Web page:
The Cutting Edge of Razors

Gender

The Cutting Edge of Razors

Illustration: Cleon Dsouza

T

he earliest humans kept all their body hair, since they hadn’t discovered clothes yet.
Once ice age passed and the embarrassment kicked in, clothes became a must and facial hair a liability, as water would collect on the strands and increase the chance of beard bro getting a pretty bad frostbite.

At the time, a pretty bad frostbite, along with almost everything else, would lead to a violent death. So humans figured it was probably time they started shaving excess hair. Since they hadn’t yet considered that a wheel might be useful thing, they had to resort to some primitive techniques. They used clamshells as tweezers to yank out whatever excess hair they could find.

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Life moved on. We evolved from the Paleo diet and gave up the clamshells in favour of going to the store and buying pretty cool razors with bells and whistles such as flexi-balls and whatnot. But the art of shaving didn’t jut evolve overnight. In fact it took several thousand years for King Gillette to include a disposal razor into the market, and another 70 years for people to figure out that the two-blade razor was not the pinnacle of the razor’s evolution. Now we’re up to five-blade razors but having a 20-blade razor by 2090 doesn’t really seem like the next big thing, when it comes to dealing with our facial hair.

The razor, much like the mobile phone, is a technology that has scope for so much more. So the question that boggles human civilisation is what’s next?

Imagine for a second that this isn’t the 21st century and you aren’t using blades to make holes in your denims, and travel a bit to the future. Here your razor has sensors and an RFID device in the handle. This would allow it to take samples of your skin cells to identify possible infections and diseases. The information is relayed to a phone-based application. Throw that apple away, the doctor’s now on Google play.
 

Other technology like the Internet of Things can aid this revolution in razors – the possibilities are limitless.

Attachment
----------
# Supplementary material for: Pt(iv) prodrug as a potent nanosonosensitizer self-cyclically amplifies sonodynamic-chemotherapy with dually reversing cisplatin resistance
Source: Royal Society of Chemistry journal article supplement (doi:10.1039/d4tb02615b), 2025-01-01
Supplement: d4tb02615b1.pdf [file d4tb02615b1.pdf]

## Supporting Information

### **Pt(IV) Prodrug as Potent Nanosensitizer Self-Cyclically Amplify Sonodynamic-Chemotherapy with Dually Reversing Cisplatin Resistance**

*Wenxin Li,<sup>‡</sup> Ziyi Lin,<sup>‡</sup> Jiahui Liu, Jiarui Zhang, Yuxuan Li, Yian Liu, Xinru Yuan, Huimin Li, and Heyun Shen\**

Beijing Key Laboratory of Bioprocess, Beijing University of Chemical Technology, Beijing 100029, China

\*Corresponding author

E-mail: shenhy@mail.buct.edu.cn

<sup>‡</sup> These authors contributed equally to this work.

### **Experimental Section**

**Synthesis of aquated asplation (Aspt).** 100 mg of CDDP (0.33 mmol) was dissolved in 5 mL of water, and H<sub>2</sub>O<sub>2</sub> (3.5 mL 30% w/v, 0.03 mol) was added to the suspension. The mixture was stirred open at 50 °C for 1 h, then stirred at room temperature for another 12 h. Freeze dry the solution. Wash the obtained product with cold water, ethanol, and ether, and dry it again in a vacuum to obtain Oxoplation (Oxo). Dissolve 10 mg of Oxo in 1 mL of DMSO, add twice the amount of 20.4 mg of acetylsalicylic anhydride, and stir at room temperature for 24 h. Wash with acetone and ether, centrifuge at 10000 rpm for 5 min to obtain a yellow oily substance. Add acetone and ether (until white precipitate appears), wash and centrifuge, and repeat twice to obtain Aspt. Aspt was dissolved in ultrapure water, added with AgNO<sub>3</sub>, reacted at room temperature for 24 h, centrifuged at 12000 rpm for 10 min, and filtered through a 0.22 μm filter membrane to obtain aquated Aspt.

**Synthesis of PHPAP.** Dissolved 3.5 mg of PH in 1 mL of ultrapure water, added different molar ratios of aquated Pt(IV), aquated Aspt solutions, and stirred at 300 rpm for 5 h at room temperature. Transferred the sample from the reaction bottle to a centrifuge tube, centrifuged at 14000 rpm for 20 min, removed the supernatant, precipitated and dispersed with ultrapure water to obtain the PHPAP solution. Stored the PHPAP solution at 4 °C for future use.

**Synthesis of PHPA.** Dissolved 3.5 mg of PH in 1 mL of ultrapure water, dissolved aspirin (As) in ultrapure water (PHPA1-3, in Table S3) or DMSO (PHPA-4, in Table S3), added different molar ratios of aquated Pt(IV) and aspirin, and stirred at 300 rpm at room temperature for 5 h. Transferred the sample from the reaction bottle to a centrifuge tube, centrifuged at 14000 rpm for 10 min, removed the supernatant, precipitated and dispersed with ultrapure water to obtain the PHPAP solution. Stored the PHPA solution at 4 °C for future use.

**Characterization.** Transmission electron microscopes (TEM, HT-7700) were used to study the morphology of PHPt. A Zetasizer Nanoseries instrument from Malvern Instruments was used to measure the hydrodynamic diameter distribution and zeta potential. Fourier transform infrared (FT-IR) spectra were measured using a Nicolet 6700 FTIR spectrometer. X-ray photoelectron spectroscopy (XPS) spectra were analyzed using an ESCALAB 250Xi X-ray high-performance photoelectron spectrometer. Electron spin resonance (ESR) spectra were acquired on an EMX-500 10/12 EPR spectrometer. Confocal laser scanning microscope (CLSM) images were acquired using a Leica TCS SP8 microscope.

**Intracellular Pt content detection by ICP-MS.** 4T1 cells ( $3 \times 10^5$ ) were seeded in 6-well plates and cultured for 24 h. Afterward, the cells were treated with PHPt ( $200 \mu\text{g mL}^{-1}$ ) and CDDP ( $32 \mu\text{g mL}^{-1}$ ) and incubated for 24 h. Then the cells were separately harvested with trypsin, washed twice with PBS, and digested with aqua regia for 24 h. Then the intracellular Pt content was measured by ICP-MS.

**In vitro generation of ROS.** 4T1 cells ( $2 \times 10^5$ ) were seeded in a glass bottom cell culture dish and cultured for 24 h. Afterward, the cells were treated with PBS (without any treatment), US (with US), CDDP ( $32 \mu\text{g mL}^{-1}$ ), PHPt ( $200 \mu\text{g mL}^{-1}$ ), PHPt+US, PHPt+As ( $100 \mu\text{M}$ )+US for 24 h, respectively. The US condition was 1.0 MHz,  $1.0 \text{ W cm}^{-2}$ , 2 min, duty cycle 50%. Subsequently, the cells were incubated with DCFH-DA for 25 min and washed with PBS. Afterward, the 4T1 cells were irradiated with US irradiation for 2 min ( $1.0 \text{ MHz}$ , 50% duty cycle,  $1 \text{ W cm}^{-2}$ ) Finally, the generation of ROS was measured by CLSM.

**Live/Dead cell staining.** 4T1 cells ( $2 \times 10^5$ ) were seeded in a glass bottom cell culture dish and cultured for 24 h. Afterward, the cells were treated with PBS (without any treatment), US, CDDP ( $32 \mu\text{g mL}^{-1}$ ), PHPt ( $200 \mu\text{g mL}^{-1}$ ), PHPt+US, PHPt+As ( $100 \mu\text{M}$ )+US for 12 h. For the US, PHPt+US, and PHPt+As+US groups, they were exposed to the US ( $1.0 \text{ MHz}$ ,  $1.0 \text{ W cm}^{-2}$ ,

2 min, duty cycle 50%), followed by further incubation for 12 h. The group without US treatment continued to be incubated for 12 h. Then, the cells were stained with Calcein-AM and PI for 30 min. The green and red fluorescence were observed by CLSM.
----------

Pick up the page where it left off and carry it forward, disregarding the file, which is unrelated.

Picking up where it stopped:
Meanwhile, as your skin infection heals, you realise that you don’t have much water in your tank because the world has barely any water to offer. In a situation like that, the entire process of shaving has to be streamlined. This is where innovations like the Bonsai come into play. The Bonsai is an accessory to the razor that uses minimal water to create a high-powered jet spray that cleans off all those little scraps of hair that collect on your razor. It is estimated to save 99 per cent of the water the average person uses when shaving with a running tap. Any one who has seen the movie Mad Max should require no further extrapolation.

As the water dries up around you, we have reached far enough into the future to have light sabers, and other laser weapons. So it’s only natural that we insert that technology into a razor. This shouldn’t be confused with the laser surgery that removes all hair. It instead melts off the hair for a smoother feel. It also claims to end razor burns, skin irritation, and nicks, so companies that make tissue stand to go into immense loss. Other technology like the Internet of Things can aid this revolution in razors – the possibilities are limitless. Trust Gillette to jump on the bandwagon.

And maybe one day, shaving technology will evolve to the point where the razor will come fitted with an alarm clock to remind you that beards are out of fashion. Heed that warning, dear beard bro, and shave that damn chin pelt off!

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